I have a Facebook \”friend\” whose political views are the exact opposite of mine. (How we became \”friends\” is irrelevant here.) Every few days she posts a video or a link to some TV commentator, talk-show host, evangelist preacher, or what have you making accusations, sarcastic remarks about, or fun of Obama, Mrs. Obama, Nancy Pelosi (oh, how they hate her!), and other liberals.
I never click on the links, but I cannot help reading the first few sentences. And I get mad–furious, in fact. I begin to plot ways to discredit, dismantle, and utterly ruin her worldview and that of her fellow conservatives and members of the R party. To make things worse, I imagine the reactions of this woman\’s fellow conservatives who are reading these links and getting a jolly laugh plus a heady hit of affirmation with every one, thus making escalating numbers of liberals like me angrier and angrier.
On the other hand, my in-box is regularly filled with status updates from friends whose liberal views I share, and who can be counted on every day to provide links to diatribes against and comedy bits about those benighted conservatives and their absurd causes. I seldom click on these links, but I do read the first lines, and I feel affirmed and supported and confirmed as a member of what is clearly the smarter, more ethical side of the political divide. I imagine that my fellow liberals get the same warm feelings when they read these messages, and conservatives who stumble upon them are enraged by them.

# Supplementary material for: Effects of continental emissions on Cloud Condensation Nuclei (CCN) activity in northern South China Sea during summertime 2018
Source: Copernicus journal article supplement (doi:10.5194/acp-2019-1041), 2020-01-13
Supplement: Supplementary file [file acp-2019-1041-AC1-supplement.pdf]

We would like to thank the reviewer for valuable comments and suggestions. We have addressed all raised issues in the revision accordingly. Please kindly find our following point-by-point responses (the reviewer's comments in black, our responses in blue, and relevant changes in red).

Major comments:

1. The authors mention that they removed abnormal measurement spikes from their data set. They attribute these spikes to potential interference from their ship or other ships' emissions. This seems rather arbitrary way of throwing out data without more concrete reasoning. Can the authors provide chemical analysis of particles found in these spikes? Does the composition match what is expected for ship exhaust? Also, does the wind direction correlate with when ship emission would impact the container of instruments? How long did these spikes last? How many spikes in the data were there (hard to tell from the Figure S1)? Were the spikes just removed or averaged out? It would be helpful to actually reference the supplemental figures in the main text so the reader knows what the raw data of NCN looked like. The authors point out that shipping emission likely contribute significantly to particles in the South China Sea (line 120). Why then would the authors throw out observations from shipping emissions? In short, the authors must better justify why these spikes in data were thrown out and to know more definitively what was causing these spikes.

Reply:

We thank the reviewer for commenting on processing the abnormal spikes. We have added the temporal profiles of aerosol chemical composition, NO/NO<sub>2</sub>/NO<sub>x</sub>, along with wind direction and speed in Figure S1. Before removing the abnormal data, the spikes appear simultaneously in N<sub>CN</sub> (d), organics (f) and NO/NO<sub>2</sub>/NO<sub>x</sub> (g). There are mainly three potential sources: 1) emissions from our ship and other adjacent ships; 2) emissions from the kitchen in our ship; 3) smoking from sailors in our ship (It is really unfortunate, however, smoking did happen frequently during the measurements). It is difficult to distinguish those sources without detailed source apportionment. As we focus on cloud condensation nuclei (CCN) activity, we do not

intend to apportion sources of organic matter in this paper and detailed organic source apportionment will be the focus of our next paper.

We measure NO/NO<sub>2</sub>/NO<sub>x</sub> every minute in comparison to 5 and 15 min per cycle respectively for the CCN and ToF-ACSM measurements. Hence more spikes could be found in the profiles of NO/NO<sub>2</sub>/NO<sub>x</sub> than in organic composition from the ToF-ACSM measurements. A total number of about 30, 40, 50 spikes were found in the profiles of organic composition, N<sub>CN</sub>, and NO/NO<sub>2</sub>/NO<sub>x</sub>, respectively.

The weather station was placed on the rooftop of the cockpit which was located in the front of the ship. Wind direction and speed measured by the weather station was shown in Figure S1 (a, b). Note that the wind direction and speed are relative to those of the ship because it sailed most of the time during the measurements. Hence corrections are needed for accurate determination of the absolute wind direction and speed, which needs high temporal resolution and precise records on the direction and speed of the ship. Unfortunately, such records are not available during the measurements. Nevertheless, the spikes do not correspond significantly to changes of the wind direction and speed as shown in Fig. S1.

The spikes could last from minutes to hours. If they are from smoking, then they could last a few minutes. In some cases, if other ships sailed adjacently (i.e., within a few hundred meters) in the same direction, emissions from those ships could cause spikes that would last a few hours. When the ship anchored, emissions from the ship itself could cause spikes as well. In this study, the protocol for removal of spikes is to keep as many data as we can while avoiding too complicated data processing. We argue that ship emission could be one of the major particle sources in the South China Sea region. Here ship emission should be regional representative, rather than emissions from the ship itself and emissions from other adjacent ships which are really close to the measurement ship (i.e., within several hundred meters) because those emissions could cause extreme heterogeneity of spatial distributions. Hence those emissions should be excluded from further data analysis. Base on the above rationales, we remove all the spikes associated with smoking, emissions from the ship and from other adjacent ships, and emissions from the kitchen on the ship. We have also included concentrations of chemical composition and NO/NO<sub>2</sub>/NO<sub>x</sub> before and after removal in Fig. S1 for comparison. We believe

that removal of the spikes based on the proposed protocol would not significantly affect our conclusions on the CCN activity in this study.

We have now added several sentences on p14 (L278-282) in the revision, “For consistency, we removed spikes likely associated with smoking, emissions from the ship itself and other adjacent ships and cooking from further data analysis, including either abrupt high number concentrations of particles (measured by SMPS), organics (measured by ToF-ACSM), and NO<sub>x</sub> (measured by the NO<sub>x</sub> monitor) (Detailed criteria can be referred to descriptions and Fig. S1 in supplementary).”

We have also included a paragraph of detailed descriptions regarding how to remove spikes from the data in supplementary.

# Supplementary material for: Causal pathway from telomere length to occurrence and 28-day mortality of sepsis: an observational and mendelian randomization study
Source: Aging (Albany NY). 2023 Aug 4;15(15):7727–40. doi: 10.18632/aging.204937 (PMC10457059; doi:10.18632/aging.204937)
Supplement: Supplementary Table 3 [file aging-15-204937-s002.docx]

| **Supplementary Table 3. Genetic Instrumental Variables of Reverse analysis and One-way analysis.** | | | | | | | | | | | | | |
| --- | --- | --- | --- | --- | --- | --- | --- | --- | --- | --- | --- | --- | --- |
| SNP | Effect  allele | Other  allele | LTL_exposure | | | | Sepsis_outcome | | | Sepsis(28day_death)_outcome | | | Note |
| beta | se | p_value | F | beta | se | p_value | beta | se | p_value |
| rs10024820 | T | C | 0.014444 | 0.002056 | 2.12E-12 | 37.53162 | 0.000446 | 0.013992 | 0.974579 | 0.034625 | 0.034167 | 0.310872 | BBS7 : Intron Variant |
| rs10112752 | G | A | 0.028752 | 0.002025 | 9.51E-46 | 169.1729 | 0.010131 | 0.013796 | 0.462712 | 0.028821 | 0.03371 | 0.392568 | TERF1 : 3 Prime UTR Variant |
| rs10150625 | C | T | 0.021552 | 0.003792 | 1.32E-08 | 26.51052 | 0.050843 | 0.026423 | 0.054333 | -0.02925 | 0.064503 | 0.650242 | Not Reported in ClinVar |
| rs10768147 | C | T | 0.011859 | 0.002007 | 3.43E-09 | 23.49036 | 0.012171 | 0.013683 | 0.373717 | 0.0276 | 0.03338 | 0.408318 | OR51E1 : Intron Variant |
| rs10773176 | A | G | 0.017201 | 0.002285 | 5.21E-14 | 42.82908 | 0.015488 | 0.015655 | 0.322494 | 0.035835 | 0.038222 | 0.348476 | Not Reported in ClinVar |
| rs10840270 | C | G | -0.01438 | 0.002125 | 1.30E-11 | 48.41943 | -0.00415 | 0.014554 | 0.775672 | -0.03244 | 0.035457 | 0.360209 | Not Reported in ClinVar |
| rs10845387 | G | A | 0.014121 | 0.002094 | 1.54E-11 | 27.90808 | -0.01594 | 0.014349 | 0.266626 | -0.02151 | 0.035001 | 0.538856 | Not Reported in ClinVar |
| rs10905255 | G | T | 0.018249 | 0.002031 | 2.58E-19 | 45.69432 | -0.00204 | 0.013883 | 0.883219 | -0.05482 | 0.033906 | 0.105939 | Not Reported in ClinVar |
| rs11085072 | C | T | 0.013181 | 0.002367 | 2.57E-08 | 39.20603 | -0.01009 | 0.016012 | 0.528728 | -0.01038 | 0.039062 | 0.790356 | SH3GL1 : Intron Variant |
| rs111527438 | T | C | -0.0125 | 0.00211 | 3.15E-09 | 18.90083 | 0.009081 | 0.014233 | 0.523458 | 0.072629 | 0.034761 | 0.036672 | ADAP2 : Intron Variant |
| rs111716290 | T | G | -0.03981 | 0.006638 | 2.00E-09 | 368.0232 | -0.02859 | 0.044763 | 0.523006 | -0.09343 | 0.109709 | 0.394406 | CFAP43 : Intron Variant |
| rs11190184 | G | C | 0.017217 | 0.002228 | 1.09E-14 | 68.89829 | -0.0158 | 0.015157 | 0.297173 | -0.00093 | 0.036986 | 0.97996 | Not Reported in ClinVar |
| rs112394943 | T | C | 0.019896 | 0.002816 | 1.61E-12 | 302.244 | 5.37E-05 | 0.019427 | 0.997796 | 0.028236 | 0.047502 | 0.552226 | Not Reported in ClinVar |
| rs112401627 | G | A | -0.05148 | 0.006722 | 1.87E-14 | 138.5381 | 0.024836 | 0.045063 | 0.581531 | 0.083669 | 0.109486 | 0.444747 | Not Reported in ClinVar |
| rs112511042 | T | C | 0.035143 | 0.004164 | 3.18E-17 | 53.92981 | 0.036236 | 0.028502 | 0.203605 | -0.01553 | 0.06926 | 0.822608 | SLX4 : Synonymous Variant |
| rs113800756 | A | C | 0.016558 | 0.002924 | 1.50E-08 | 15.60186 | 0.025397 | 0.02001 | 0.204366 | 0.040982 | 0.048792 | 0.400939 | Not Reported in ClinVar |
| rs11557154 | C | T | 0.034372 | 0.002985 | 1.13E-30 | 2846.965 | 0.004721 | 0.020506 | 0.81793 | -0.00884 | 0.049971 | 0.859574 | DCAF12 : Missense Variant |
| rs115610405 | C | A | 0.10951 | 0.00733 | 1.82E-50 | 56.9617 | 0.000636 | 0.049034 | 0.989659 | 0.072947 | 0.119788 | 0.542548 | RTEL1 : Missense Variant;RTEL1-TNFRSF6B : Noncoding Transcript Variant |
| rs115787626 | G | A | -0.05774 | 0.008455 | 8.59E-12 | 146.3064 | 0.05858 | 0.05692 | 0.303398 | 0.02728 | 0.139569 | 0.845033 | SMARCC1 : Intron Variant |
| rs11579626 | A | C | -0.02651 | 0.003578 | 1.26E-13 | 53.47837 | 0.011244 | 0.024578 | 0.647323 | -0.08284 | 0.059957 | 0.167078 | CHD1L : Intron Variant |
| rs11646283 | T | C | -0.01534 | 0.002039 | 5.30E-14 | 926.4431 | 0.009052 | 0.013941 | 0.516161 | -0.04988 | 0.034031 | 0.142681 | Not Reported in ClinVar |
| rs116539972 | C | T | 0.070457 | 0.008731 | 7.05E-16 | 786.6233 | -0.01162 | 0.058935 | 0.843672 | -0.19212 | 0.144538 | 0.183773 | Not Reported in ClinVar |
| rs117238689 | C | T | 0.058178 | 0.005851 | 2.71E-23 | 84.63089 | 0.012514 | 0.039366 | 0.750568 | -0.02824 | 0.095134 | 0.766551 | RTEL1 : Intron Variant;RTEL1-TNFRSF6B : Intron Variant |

Multiply this effect by the millions of status updates and hits on Facebook every day, and is it any wonder that Congress cannot agree on a budget?
The thing is, if my conservative friend had to come up with these rants and sarcasms and accusations all by herself, she might pollute my in-box less frequently. Likewise, if my liberal friends with their itchy link fingers had to generate the jokes and skits and put-downs themselves, the pages of Facebook would have a cleaner, sparser look.
I think that Facebook, with its ease of posting and linking, its absence of editors, is playing a perhaps unintended but real role in the disintegration of civility in public discourse. Blogs and websites do this too, of course, but one has to choose to visit a certain blog or website. Whereas all you have to do is get on Facebook, naively accede to a few friend requests, and you\’re in the soup.
I don\’t want to add to the political warfare by slapping my conservative friend in the face, so I\’m hoping one of you can tell me whether it is possible to unfriend someone in a discreet, diplomatic way. Or would it be a better contribution to civil discourse for me to let her diatribes live cheek by jowl with the rants of my liberal friends?